Another Sunday, another plane ride. It’s only my second since I started work, but it’s my fourth since April and it’s already starting to feel like old hat. I’ve got the routine down.
I love the drive to Brooklyn from the airport. The entire skyline of Manhattan is laid out before you. It’s moving and also sad, because I always see the big gaping hole where the World Trade Center used to be. It was my compass for many years. Now, though, you can see the new buildings rising where they used to be, topped with cranes. It’s more hopeful than the shattering blankness. But mostly I watch the Empire State Building, because I marvel that it’s now the tallest, because I see it and know that’s more or less where I’m heading in the morning, because I can’t stop thinking about its spire as a zeppelin dock. The zeppelin dock is a sign of the city’s hope for its future, completed six years before the Hindenburg disaster led us to give up thoughts of zeppelin travel. Maybe, then, the new tower at Ground Zero is even more hopeful, not just outliving the disaster but rising from its ashes.
Driving in from the lush green of Chicago, New York is an ugly city. I am thinking this while I’m sitting in the cab on the way from the airport. And then I think, no, that’s not right. New York has never been ugly or beautiful or dirty or clean or loud or quiet or any other adjective to me. It’s always been just “The City.” When I moved to Chicago, it didn’t seem like a real city to me. It was too pretty, too green. The subways are terrible and everyone drives. There are no bodegas, no Mr. Softee trucks, no food carts. After 20 years there, I’ve learned to love it. But it’s a very different place than here. After the 1871 fire, Chicago was plotted and planned. There was a vision for how it should be built and how it should work. New York seems to have grown like the weeds that sprout from its sidewalks, squeezing into cracks you never noticed before, marking its territory so someone else doesn’t claim it first. And no, it’s not pretty, but it commands a certain respect for its mere survival.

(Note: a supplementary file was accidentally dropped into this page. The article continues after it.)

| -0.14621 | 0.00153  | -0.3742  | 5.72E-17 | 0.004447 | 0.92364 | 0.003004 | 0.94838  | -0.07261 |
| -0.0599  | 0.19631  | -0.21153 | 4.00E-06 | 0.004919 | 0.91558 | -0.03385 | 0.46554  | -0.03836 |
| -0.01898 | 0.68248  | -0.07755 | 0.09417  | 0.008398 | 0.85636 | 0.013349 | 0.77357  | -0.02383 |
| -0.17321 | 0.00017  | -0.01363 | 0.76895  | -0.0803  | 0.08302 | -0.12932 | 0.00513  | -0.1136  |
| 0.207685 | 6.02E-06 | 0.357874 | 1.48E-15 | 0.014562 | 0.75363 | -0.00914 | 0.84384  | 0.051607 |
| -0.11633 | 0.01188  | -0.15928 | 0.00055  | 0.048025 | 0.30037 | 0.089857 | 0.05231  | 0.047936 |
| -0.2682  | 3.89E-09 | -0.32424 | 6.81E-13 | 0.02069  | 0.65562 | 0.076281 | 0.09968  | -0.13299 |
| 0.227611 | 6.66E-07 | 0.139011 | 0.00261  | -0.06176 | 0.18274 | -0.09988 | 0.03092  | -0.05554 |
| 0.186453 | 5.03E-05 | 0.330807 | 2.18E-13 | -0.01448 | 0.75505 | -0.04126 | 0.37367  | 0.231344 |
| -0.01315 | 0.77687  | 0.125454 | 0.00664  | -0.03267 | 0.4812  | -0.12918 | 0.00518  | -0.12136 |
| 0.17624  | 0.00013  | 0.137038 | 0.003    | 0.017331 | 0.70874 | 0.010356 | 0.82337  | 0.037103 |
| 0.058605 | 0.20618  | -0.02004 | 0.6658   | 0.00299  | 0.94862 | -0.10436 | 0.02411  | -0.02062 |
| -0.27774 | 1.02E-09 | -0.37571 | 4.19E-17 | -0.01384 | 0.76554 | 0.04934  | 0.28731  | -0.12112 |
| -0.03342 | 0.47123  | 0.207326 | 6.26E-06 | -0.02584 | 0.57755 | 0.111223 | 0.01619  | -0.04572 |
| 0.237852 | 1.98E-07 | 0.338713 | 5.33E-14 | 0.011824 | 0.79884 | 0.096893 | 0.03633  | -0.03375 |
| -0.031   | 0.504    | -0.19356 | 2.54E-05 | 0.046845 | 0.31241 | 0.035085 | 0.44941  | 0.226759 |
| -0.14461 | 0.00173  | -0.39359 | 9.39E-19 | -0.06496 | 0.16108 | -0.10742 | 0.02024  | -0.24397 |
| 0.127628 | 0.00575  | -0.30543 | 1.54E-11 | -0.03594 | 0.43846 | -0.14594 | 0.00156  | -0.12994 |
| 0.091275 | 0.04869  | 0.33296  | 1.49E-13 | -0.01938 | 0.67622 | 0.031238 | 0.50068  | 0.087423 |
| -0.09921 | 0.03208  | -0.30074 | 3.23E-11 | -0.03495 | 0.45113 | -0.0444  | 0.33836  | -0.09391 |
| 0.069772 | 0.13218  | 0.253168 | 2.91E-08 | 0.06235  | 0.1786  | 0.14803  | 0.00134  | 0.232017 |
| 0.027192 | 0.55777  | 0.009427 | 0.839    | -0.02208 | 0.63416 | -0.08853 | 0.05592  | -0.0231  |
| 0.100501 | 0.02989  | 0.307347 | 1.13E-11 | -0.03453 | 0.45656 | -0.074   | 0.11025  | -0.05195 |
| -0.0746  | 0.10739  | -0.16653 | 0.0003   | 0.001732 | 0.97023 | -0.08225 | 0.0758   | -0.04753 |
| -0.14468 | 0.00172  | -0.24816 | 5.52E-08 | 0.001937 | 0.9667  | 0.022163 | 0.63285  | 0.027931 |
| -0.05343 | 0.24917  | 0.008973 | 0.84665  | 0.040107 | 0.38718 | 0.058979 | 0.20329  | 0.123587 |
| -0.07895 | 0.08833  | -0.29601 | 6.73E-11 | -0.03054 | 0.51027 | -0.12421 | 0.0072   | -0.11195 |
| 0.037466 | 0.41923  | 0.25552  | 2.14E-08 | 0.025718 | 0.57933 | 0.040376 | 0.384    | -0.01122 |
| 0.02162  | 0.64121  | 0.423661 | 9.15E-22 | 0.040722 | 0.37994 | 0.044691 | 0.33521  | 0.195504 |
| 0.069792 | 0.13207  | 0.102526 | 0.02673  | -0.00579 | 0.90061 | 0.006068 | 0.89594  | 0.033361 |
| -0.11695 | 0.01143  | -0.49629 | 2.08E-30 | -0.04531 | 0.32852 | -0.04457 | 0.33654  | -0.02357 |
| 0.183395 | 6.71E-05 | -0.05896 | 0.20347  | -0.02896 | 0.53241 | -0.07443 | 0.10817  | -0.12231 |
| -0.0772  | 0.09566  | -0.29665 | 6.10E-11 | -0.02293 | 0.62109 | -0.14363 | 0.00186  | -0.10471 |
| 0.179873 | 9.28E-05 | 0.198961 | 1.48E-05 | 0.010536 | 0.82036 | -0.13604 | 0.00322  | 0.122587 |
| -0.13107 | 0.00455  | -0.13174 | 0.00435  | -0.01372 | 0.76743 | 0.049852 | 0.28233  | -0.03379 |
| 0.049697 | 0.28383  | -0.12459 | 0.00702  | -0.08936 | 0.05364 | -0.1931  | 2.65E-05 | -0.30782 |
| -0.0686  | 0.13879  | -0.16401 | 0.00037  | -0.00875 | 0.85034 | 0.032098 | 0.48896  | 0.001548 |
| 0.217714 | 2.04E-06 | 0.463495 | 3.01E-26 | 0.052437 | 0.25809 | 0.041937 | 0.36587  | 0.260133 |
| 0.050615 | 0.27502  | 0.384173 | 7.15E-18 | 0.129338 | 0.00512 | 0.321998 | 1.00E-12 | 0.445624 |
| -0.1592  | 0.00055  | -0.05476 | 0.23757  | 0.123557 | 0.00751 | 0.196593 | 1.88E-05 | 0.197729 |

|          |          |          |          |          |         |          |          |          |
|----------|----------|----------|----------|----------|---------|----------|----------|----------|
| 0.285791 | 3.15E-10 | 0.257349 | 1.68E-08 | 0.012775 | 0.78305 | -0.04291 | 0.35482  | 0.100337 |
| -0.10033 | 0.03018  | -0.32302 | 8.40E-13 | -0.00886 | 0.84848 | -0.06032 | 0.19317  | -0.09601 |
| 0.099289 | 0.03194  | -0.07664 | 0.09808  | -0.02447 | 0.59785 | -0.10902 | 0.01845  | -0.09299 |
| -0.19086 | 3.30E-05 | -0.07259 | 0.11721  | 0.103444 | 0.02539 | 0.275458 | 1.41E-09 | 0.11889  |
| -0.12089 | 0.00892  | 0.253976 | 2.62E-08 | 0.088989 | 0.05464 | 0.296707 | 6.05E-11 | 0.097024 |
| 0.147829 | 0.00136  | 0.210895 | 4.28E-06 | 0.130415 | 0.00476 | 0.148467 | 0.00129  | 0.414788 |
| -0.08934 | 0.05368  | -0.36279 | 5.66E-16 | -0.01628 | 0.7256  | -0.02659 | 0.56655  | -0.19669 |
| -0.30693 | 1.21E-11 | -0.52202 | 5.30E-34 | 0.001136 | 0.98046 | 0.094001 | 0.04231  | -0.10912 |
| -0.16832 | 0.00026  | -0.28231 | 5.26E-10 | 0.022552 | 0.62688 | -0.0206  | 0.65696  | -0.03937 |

It was early evening when I arrived at Cranky’s. I’ve got the place to myself this week while Cranky and Baby J are vacationing. It seem quiet and a little lonely. After I got myself organized, I decided to head out in search of an ATM and some groceries. It was as much an excuse for a walk on a warm summer evening as anything else. I lived here one summer 15 years ago and that may be the last time I walked this particular way. The neighborhood has gentrified a great deal since then. I passed health food stores and a compounding pharmacy, organic bakeries and green dry cleaners. Two Boots is still there. So is the Community Bookstore. I found the wine shop I used to go to and bought myself a bottle, but it’s got fancier booze than it used to have. I passed one of the schools we’re considering for AJ. It doesn’t look like much from the street. Formidable, even, with its gated windows and doors. But the playground was full of children shrieking with laughter and their parents sitting and chatting with each other. Across the street, the Mr. Softee truck was parked, silent. I miss the Mr. Softee song. But everyone I know who has lived here for a long time hates it. In any case, they don’t seem to play it any more, whether due to city regulations or customer outrage, I’m not sure.
I stop at one store for bread, another for produce and a few groceries to get me through the week. I carry the groceries home in my computer bag, which I’d emptied out for that purpose. I count the number of languages I hear on the street. I lose count two blocks before home. The key turns in the lock on the first try now. I wait for the door to close behind me and head up the creaky wooden stairs. Tomorrow I go to the park.